Top tips: How
I exited my business

Top tips: How
I exited my business

Exiting a business isn’t easy, and for lots of business owners that exit may not happen the way they’d planned.

Whether that’s down to market conditions, a change in stance by the board or a complete change of heart from the business owner themselves, there’s lots that can affect exit plans and exit points.

We asked Lucy Hackshaw, founder of Seen Displays, for her top tips on exiting a business. Lucy left her company after growing it from a start-up into a 20-person design studio working with some of the UK’s biggest brands, including Nike, John Lewis and Selfridges.

My timeline to exit

Total time:

Around 12 months


Six months focusing on the transition, exit and what I wanted to do next

Shareholder negotiations:

Three months


I spent the last three months working the rest of my six-month notice period

1. Start with why

Focus on why you want to exit and why now. It’s an uncomfortable process so staying close to why you’re exiting is vital.

2. Build an exit team before you trigger anything

An exit team can provide valuable support. Appreciate that it’s a complex process and identify what kind of help you need.

During my exit, I used an accountant for valuation, a corporate adviser for strategic support, a business coach and a lawyer.

Lucy Hackshaw’s exit team and their roles


Support in the business’ valuation

Corporate adviser

Strategic support for the negotiation process

Executive coach

Sounding board for exit and transition planning


Legal support

3. Develop your successor

Even before you trigger your exit, develop your successor and expose them to your role. This will help them feel confident about stepping up, and let you demonstrate to your buyer that you aren’t irreplaceable.

4. Have a sale price in mind

Know what your walk-away number is and be realistic. I didn’t get what I wanted and had to take my ‘good’ rather than my ‘better’ or ‘best’ sale price.

5. Commit to your plan

Design several exit strategies, pick one and commit to it. This provides clarity when you’re going through a complex process.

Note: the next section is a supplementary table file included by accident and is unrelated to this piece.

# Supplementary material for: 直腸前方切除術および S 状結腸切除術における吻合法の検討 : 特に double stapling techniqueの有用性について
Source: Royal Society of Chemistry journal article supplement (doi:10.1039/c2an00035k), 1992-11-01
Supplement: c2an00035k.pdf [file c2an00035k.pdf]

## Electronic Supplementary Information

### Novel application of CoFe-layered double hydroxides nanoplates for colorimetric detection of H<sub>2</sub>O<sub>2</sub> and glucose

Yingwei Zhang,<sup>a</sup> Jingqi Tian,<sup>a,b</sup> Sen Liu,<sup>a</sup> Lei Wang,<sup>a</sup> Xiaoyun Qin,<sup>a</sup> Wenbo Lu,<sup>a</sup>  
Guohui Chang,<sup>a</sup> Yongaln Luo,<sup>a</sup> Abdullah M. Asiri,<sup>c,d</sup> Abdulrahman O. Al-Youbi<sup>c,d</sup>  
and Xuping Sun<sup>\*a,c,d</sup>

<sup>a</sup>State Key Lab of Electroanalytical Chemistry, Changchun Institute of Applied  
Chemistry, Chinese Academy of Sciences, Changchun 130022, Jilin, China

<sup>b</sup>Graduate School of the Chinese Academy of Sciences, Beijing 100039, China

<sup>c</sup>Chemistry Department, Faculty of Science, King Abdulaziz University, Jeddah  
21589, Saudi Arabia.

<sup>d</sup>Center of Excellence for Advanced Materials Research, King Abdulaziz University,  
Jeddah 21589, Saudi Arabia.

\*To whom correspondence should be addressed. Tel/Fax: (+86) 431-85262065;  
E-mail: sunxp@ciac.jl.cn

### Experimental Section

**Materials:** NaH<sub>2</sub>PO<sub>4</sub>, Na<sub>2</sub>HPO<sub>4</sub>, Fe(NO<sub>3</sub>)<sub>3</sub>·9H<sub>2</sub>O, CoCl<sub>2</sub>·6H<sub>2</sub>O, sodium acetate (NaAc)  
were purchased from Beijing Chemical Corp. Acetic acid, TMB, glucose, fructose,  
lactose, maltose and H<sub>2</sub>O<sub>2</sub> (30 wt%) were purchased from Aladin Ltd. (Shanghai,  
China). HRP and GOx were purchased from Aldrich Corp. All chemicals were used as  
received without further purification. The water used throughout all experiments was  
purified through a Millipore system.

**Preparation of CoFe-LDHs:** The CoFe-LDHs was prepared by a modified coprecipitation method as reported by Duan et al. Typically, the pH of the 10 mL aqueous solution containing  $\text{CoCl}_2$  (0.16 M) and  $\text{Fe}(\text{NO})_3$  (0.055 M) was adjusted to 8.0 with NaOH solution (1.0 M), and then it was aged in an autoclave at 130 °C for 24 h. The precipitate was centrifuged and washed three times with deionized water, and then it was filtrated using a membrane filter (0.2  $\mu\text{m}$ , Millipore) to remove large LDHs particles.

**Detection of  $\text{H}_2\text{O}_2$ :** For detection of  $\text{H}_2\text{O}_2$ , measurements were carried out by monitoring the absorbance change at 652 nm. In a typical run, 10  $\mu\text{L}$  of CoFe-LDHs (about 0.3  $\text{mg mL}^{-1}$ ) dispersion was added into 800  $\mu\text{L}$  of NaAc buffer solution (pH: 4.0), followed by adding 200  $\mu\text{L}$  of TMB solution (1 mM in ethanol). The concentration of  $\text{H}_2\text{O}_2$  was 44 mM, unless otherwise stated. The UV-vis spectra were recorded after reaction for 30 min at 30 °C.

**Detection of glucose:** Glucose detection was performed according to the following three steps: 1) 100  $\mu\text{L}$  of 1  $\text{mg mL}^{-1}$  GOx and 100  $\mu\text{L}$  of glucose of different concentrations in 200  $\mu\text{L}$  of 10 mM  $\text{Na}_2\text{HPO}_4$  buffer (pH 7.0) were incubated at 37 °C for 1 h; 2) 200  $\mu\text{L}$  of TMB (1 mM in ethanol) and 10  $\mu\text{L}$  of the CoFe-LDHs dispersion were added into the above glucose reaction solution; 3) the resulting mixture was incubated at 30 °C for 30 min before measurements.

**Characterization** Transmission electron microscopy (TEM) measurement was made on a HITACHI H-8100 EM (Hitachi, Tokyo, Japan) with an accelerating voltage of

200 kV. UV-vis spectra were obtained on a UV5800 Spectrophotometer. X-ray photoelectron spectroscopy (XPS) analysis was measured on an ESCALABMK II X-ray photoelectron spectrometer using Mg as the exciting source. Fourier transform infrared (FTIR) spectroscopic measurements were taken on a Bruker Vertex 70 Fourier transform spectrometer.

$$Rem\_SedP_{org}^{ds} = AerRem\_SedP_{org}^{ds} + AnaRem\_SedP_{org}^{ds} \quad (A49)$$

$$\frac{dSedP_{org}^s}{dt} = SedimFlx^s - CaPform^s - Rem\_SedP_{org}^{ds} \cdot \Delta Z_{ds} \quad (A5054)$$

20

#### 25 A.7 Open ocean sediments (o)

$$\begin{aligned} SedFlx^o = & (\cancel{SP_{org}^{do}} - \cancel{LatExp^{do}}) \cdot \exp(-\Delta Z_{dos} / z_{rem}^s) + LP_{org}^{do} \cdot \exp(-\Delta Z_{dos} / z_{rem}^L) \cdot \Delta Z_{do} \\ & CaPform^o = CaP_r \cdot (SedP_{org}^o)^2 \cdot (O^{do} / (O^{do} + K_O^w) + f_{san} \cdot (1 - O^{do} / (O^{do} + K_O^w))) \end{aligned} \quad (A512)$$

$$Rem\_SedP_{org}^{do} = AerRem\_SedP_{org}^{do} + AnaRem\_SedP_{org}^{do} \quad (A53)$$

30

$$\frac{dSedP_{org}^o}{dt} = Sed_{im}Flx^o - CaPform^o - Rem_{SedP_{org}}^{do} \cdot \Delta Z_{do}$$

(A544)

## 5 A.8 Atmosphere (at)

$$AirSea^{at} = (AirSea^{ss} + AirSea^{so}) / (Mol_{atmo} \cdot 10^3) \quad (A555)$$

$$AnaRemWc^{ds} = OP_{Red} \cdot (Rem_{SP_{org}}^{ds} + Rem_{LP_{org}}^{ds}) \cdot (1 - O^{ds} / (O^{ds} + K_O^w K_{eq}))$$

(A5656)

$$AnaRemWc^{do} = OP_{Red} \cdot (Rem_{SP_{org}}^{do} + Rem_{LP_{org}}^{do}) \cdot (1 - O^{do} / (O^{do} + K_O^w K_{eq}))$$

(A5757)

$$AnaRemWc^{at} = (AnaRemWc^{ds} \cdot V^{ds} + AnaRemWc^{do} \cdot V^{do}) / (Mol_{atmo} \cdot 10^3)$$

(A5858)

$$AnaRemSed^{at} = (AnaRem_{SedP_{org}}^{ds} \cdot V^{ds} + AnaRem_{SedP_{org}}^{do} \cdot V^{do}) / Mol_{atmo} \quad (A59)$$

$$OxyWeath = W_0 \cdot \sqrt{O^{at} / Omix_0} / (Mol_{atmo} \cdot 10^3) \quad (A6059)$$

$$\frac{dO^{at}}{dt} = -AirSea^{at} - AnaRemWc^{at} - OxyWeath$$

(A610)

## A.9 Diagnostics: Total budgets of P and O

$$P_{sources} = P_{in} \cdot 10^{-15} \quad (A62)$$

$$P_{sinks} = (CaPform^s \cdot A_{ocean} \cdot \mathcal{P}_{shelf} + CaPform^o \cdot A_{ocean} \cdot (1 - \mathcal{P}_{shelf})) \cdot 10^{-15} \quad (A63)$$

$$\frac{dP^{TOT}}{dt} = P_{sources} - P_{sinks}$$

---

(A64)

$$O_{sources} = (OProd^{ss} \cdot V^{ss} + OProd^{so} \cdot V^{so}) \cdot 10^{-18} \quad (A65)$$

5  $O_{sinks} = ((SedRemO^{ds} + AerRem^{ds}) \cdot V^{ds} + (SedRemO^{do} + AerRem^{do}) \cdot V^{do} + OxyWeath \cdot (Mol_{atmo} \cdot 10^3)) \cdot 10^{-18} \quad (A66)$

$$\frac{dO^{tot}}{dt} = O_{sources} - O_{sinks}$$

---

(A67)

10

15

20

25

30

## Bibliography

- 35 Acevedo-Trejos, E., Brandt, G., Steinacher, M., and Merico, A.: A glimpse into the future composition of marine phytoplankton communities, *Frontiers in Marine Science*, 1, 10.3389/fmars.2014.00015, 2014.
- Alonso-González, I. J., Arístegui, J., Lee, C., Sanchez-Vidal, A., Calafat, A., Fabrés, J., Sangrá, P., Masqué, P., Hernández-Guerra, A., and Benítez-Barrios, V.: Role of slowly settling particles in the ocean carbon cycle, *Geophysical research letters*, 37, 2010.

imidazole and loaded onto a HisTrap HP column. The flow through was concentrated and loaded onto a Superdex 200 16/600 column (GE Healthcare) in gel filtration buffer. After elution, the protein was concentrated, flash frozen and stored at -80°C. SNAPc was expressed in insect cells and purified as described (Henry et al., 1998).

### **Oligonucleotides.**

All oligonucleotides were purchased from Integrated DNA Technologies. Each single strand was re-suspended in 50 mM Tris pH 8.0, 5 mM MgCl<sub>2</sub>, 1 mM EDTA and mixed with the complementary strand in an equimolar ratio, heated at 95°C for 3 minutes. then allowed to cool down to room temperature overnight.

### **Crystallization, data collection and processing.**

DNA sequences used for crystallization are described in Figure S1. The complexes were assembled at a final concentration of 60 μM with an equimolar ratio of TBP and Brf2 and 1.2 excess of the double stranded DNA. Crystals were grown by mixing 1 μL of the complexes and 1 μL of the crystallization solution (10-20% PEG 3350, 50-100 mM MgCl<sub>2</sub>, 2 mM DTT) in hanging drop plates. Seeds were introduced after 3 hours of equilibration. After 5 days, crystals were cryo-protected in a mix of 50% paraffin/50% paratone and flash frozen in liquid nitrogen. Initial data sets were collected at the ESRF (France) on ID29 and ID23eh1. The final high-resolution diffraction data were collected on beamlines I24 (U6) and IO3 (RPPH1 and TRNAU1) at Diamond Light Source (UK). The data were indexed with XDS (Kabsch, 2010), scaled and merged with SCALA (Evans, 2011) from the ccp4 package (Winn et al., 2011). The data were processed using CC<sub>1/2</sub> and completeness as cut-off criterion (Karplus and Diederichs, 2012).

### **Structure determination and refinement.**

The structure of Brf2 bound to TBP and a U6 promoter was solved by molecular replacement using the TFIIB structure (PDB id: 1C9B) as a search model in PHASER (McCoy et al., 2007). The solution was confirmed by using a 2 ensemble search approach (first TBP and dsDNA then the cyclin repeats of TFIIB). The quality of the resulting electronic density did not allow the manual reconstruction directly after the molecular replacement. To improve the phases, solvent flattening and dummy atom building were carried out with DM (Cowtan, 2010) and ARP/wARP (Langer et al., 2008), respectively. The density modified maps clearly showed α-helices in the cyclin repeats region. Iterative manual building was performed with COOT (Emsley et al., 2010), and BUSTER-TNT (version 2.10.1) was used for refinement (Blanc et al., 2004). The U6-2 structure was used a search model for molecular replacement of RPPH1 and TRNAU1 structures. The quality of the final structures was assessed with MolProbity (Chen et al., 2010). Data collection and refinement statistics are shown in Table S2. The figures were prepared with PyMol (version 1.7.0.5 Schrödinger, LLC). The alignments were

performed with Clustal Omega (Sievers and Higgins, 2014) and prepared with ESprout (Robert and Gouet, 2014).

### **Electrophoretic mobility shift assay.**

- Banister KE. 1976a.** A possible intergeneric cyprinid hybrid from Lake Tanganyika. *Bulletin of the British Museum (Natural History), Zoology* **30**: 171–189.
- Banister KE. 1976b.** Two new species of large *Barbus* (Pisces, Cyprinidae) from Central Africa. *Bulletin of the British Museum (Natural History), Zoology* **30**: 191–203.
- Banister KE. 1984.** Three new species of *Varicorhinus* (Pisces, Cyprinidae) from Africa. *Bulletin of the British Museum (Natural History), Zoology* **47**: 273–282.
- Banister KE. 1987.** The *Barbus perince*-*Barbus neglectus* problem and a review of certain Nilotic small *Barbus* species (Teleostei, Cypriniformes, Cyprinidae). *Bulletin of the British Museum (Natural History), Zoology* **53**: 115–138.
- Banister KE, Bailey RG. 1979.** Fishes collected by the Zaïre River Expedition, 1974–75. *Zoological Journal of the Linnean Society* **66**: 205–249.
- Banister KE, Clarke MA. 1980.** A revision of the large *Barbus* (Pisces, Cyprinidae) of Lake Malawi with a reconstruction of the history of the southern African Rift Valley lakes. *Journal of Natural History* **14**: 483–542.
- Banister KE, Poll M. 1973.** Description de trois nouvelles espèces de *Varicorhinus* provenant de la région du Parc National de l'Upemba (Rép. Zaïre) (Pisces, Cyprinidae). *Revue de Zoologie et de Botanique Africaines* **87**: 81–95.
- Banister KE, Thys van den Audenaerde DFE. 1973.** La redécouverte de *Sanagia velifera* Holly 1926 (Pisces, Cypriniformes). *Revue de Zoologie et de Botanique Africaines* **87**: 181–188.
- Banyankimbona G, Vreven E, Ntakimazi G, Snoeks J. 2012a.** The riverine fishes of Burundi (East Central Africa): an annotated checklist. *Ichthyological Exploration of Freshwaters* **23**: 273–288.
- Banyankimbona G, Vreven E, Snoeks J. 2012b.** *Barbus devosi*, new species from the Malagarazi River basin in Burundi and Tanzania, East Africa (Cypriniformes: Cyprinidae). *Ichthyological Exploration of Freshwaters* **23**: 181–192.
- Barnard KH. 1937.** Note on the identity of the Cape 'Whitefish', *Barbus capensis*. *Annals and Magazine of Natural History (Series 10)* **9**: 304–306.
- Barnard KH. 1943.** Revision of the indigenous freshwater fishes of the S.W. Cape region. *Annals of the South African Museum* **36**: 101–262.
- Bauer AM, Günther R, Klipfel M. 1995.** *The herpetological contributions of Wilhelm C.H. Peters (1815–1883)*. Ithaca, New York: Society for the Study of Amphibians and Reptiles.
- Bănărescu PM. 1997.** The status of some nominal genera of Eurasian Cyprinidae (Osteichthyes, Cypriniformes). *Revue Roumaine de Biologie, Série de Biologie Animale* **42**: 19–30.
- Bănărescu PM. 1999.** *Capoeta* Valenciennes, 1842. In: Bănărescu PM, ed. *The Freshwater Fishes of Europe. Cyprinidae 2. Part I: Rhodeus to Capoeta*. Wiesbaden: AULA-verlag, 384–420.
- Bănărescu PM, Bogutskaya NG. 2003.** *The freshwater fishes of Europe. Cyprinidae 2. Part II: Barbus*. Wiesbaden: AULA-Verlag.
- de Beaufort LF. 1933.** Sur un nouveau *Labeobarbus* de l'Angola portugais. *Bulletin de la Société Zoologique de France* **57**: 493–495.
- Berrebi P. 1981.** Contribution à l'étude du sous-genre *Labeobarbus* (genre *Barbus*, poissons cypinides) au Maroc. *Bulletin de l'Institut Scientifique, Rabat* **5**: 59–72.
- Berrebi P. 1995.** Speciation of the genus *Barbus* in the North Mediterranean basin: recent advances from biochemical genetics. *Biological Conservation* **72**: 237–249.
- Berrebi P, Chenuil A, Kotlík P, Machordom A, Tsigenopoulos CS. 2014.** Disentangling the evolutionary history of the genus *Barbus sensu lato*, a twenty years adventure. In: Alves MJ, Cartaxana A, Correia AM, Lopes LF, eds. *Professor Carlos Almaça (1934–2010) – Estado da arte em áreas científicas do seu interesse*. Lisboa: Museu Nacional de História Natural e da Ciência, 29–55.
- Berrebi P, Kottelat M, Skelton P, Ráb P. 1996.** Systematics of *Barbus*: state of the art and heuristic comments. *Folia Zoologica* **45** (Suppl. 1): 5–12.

6. Be prepared for emotional challenges and changes in relationships

You’ll be negotiating with former colleagues and board members, which can be difficult. As a founder, it is — and will feel — personal but it’s important to remember your shareholders’ position is a business one.

7. Be conscious of your attachment to the business

Founders often put so much of themselves into their businesses. While this can be great for organic growth, it can make separating problematic for both you personally, and for the company.

Explore the detachment process with a coach.

8. Prepare for number negotiations

This is obviously a big part of the process. As a way to ready yourself for negotiations, imagine what your shareholders will say.

Lean on your exit team — and particularly your accountant — for support, and think about taking them with you when you negotiate the sale.

9. Be discreet

If other people within the business know you’re considering an exit, it could cause concern. The more people who know, the greater the risk of the news being leaked to clients.

As such a situation could harm your focus, the company’s reputation and ultimately your negotiation position, it pays to be discreet.

10. Plan for your transition

Consider upskilling while you’re exiting. Directing your curiosity with learning helps you to keep an open, responsive mind, which you’ll need during such an uncertain time.

11. Reward yourself

When you strike the deal, give yourself a gift as a reminder of the journey you’ve travelled, from founding the business to exiting it.

12. Reconnect

Former colleagues, employees and clients are your work community, and may be quite close friends. You don’t have to disconnect for long. After a conscious break I started meeting back up with previous colleagues and clients just two months later.

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